The Readium Foundation is an Open Source Foundation collaboratively developing technology to accelerate the adoption of EPUB 3 and the Open Web Platform by the Digital Publishing Industry. The fundamental goal of the Readium project is to produce a robust, performant, spec-compliant EPUB reading system that can be deployed in browsers, embedded into browser apps like the Google Chrome extension or simply embedded as an SDK into native applications.
The project’s primary focus is two-fold:
The project’s primary focus is two-fold:
- Provide functional out-of-the-box EPUB reading systems for use on the web. Currently, there are two, a cross-browser solution for embedding in users’ websites, named the Readium CloudReader, and the Readium Chrome Extension, which is available for download from the Google Chrome Store.
- A cross-platform native-code software development kit (SDK) The SDK can be used to build native applications across a variety of hardware platforms.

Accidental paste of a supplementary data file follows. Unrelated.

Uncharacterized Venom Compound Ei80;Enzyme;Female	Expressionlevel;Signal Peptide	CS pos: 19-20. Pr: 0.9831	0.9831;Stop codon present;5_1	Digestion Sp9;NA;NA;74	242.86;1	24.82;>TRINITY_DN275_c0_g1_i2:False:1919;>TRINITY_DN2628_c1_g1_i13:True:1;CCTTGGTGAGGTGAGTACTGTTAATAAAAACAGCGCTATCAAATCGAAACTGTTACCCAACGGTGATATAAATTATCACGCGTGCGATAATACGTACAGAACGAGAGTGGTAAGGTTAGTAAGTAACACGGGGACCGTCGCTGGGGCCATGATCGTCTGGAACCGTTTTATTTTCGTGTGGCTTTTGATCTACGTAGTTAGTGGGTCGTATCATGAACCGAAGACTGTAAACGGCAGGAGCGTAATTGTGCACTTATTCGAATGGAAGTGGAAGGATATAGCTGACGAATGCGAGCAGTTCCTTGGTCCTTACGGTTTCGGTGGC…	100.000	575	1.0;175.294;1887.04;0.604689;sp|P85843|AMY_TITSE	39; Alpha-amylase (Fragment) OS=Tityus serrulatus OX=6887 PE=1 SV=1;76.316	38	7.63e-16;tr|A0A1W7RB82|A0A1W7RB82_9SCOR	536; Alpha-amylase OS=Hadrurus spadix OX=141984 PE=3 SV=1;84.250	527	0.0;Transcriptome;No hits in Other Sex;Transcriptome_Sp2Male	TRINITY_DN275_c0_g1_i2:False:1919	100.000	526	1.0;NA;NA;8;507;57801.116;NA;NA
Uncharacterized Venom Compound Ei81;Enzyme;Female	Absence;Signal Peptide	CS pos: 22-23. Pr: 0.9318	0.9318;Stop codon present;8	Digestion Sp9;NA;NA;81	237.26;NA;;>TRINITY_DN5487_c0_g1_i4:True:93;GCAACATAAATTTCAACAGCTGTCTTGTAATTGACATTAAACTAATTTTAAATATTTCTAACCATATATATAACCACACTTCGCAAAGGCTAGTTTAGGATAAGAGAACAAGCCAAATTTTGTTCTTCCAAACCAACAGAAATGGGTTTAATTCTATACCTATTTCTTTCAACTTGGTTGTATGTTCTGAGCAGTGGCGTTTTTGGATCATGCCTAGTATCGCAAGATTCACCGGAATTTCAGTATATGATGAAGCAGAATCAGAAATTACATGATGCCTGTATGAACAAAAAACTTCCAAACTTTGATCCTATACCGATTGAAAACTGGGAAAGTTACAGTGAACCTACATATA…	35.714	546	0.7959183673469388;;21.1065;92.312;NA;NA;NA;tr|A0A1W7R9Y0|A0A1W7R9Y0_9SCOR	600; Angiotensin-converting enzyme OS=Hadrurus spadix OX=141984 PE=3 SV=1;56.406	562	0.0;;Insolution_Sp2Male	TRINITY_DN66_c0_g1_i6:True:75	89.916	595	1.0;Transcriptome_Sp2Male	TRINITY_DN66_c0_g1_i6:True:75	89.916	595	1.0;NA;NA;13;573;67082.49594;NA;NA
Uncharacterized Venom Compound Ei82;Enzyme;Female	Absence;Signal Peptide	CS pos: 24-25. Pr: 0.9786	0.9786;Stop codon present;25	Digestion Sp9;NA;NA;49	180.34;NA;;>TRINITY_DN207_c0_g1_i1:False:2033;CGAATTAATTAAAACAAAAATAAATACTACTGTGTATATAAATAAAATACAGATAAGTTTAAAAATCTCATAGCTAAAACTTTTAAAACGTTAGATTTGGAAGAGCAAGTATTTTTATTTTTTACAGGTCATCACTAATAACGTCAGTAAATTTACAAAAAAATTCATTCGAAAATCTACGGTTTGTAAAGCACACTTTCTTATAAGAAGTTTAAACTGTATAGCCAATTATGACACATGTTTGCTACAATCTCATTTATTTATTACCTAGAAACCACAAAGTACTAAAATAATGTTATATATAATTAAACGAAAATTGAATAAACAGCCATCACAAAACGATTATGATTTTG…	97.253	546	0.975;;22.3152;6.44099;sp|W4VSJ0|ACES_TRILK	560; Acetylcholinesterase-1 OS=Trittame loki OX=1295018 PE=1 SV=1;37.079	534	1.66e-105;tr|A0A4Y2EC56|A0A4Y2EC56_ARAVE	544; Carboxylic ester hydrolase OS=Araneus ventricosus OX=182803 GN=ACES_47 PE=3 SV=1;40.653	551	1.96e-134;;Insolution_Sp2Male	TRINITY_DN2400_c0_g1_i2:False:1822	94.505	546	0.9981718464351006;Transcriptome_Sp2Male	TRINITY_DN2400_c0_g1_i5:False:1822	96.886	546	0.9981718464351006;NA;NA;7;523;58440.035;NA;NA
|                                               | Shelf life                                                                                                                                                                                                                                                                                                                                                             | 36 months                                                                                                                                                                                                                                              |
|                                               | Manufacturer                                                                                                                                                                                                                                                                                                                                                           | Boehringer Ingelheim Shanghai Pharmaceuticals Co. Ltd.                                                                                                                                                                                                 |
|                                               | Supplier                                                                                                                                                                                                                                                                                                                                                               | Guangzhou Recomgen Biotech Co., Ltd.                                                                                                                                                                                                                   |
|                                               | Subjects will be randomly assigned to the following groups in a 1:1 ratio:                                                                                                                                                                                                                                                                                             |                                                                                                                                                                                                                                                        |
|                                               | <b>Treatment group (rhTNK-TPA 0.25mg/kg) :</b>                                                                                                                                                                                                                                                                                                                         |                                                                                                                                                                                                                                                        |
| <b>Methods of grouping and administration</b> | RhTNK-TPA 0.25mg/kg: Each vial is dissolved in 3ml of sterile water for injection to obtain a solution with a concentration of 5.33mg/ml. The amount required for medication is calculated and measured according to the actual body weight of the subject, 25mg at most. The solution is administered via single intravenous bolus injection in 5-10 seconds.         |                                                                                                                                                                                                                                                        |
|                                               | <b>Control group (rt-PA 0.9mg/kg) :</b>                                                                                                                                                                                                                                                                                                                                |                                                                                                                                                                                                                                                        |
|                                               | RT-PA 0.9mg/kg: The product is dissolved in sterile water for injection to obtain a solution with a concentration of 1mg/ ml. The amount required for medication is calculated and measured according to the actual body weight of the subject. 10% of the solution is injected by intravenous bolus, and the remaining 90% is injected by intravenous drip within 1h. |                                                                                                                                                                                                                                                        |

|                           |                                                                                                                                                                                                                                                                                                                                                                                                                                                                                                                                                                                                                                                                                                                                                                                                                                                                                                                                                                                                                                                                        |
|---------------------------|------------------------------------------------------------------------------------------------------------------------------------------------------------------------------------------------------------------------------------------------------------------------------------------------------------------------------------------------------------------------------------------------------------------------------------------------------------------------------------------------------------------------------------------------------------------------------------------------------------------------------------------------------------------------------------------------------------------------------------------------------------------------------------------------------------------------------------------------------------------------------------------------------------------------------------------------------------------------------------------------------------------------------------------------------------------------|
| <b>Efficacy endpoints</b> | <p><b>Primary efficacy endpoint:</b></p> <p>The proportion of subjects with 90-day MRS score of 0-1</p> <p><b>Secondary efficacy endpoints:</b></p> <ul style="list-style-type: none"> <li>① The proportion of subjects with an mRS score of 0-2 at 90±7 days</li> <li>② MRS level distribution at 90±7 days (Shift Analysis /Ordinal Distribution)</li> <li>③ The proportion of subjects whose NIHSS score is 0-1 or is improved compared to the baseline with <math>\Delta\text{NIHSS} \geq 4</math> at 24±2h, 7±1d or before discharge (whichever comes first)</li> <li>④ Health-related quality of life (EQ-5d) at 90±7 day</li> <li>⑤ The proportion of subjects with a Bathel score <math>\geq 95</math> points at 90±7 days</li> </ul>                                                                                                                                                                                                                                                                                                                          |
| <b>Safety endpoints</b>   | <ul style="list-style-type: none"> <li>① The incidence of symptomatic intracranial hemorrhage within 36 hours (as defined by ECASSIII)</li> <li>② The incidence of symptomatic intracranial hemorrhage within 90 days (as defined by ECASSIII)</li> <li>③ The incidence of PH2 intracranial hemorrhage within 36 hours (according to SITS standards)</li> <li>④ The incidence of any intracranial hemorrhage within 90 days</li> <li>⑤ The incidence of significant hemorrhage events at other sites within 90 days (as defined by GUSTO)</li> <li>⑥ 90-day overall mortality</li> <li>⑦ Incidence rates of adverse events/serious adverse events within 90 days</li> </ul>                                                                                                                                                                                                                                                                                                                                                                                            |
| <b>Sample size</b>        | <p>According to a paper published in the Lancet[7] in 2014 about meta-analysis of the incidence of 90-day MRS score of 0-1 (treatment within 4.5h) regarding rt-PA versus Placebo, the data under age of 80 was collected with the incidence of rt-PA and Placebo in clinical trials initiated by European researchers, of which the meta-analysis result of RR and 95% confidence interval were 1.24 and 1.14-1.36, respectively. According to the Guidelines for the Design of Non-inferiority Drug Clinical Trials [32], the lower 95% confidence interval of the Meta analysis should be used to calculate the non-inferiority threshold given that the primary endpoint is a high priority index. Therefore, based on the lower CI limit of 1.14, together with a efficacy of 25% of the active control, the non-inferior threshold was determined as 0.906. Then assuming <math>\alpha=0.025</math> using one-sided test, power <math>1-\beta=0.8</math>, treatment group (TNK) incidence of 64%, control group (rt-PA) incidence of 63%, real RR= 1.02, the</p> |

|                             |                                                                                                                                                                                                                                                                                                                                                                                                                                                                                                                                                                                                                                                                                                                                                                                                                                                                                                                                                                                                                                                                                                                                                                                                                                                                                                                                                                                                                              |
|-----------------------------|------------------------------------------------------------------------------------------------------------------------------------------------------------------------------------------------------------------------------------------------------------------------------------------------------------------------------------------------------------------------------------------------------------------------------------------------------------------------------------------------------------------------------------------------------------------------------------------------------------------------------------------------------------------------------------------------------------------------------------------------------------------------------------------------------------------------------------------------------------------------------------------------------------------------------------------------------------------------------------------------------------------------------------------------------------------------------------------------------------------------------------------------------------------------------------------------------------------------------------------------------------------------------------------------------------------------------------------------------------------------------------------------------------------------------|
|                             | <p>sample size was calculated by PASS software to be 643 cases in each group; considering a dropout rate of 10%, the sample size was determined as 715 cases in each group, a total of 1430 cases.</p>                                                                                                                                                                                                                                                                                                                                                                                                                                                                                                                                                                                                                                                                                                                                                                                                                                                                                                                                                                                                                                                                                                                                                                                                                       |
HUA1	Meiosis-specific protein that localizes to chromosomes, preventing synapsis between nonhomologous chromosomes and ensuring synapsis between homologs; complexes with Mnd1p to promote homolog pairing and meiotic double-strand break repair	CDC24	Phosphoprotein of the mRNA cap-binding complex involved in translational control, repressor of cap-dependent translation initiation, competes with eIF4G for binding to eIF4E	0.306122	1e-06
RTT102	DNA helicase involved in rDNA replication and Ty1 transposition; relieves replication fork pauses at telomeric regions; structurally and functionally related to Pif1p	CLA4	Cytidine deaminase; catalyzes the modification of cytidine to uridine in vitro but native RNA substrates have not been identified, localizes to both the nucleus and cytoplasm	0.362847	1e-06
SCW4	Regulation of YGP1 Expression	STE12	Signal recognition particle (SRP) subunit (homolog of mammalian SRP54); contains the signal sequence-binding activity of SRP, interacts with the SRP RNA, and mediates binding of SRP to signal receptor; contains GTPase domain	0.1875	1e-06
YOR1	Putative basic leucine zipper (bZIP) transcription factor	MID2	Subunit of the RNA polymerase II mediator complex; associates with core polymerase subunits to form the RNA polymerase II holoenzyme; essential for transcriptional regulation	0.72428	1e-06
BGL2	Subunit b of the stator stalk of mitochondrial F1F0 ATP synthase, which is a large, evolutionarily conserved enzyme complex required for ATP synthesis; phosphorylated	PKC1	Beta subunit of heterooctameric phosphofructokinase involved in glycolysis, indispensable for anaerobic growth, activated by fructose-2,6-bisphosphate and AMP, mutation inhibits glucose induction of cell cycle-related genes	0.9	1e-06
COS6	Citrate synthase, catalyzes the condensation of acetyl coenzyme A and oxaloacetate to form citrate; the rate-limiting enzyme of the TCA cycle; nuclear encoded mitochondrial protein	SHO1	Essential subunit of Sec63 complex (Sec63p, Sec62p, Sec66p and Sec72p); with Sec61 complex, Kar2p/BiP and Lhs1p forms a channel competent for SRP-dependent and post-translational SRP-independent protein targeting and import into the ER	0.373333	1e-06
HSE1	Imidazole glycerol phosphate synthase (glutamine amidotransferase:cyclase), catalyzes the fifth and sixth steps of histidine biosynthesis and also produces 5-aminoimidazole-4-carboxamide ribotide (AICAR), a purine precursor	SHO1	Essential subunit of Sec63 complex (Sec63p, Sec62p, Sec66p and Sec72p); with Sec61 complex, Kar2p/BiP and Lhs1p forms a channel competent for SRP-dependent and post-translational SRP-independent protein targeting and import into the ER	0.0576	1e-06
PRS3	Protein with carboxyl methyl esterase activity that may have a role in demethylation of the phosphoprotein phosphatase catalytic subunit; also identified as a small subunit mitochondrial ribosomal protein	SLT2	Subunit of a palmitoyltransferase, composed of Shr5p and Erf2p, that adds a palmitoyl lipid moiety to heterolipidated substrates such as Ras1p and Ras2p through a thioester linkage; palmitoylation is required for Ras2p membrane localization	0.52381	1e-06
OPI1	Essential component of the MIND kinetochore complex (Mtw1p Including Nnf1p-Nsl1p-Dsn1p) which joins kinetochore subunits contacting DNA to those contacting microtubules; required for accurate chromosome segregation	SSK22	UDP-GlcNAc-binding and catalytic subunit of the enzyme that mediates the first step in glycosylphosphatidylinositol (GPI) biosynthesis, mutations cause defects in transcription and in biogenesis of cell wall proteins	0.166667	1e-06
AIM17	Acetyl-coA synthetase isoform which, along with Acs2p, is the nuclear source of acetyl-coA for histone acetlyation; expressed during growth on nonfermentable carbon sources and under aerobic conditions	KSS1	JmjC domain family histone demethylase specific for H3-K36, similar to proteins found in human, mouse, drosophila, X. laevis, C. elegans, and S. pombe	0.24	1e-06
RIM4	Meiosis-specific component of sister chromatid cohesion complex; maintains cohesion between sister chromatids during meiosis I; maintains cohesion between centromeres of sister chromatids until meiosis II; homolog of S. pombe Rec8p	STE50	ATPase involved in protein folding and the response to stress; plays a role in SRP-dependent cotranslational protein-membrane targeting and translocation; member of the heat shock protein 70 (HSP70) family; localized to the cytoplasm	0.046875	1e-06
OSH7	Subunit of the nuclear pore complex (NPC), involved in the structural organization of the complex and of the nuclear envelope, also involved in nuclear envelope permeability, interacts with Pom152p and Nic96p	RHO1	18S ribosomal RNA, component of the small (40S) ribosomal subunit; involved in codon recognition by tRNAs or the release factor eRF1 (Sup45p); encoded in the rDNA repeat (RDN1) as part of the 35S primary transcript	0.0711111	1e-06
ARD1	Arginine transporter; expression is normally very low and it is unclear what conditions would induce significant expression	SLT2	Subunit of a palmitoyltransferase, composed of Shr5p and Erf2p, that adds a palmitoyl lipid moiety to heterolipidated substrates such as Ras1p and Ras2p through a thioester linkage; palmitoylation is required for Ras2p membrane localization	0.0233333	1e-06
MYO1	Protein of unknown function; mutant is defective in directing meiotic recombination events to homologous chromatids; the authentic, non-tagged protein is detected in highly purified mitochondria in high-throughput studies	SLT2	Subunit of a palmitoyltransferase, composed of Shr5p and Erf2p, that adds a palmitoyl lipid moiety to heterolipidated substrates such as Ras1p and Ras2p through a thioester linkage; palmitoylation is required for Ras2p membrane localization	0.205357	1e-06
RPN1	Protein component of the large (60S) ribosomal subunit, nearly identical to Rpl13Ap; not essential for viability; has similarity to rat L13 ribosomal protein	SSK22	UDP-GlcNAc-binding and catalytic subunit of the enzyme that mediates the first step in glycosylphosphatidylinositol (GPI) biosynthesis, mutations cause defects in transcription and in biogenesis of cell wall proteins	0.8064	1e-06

The Readium Foundation uses various licenses to disribute technology and to accept contributions from individuals and corporations. In all cases, contributors retain full rights to use their original contributions for any other purpose outside of Readium Foundation while providing the the Readium Foundation and its projects the right to distribute and build upon their work within Readium.org
Goals and Principles
Readium is available for both open source and proprietary applications. Readium SDK modules are publicly licensed as Open Source Software via Gnu Affero General Public License Version 3. This license contains terms incompatible with use in closed-source software including a copyleft provision.For open-source, nonReadium Foundation also makes available an Alternative License based on the Apache License which provides additional rights targeted to commercial adopters utilizing Readium SDK in closed-source software, including notstrong> having any copyleft provision..
Readium strives to create a courteous, welcoming environment that feels approachable to newcomers. Readium maintains both public chat rooms (via Slack) and a public mailing list where the ideas of contributors both new and old are heard and discussed with equal weight.